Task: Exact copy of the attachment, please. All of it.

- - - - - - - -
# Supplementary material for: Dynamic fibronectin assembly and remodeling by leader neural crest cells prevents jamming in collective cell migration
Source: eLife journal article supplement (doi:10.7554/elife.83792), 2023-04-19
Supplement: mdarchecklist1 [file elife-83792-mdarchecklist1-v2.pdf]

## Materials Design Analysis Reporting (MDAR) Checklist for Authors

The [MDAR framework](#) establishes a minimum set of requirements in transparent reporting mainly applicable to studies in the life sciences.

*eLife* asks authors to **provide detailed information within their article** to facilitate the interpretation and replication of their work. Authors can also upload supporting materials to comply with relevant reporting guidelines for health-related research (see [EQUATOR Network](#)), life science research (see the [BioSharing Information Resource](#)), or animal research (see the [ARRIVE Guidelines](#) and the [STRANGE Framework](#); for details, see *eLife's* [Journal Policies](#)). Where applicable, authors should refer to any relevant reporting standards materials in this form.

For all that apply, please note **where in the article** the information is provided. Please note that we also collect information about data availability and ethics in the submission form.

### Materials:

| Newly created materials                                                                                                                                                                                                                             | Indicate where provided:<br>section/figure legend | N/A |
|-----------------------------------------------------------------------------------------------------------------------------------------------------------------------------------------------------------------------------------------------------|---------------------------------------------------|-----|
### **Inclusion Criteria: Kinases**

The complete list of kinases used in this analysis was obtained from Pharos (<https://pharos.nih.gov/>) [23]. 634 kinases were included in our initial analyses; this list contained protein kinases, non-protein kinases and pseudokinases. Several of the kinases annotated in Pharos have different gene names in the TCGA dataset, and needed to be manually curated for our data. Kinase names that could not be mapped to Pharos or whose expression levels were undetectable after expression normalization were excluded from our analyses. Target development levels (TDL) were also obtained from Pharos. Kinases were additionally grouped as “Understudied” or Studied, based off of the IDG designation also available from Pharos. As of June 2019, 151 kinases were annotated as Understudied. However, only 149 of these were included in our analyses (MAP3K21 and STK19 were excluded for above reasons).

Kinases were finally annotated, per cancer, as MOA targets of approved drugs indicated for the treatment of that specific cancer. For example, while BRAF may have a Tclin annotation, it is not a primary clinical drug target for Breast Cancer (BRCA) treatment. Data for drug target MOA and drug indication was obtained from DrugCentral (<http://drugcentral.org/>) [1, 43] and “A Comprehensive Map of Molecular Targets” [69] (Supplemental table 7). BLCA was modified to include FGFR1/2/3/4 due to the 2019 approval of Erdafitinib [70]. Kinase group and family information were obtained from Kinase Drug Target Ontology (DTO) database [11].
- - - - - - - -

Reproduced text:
# Supplementary material for: Dynamic fibronectin assembly and remodeling by leader neural crest cells prevents jamming in collective cell migration
Source: eLife journal article supplement (doi:10.7554/elife.83792), 2023-04-19
Supplement: mdarchecklist1 [file elife-83792-mdarchecklist1-v2.pdf]

## Materials Design Analysis Reporting (MDAR) Checklist for Authors

The [MDAR framework](#) establishes a minimum set of requirements in transparent reporting mainly applicable to studies in the life sciences.

*eLife* asks authors to **provide detailed information within their article** to facilitate the interpretation and replication of their work. Authors can also upload supporting materials to comply with relevant reporting guidelines for health-related research (see [EQUATOR Network](#)), life science research (see the [BioSharing Information Resource](#)), or animal research (see the [ARRIVE Guidelines](#) and the [STRANGE Framework](#); for details, see *eLife's* [Journal Policies](#)). Where applicable, authors should refer to any relevant reporting standards materials in this form.

For all that apply, please note **where in the article** the information is provided. Please note that we also collect information about data availability and ethics in the submission form.

### Materials:

| Newly created materials                                                                                                                                                                                                                             | Indicate where provided:<br>section/figure legend | N/A |
|-----------------------------------------------------------------------------------------------------------------------------------------------------------------------------------------------------------------------------------------------------|---------------------------------------------------|-----|
### **Inclusion Criteria: Kinases**

The complete list of kinases used in this analysis was obtained from Pharos (<https://pharos.nih.gov/>) [23]. 634 kinases were included in our initial analyses; this list contained protein kinases, non-protein kinases and pseudokinases. Several of the kinases annotated in Pharos have different gene names in the TCGA dataset, and needed to be manually curated for our data. Kinase names that could not be mapped to Pharos or whose expression levels were undetectable after expression normalization were excluded from our analyses. Target development levels (TDL) were also obtained from Pharos. Kinases were additionally grouped as “Understudied” or Studied, based off of the IDG designation also available from Pharos. As of June 2019, 151 kinases were annotated as Understudied. However, only 149 of these were included in our analyses (MAP3K21 and STK19 were excluded for above reasons).

Kinases were finally annotated, per cancer, as MOA targets of approved drugs indicated for the treatment of that specific cancer. For example, while BRAF may have a Tclin annotation, it is not a primary clinical drug target for Breast Cancer (BRCA) treatment. Data for drug target MOA and drug indication was obtained from DrugCentral (<http://drugcentral.org/>) [1, 43] and “A Comprehensive Map of Molecular Targets” [69] (Supplemental table 7). BLCA was modified to include FGFR1/2/3/4 due to the 2019 approval of Erdafitinib [70]. Kinase group and family information were obtained from Kinase Drug Target Ontology (DTO) database [11].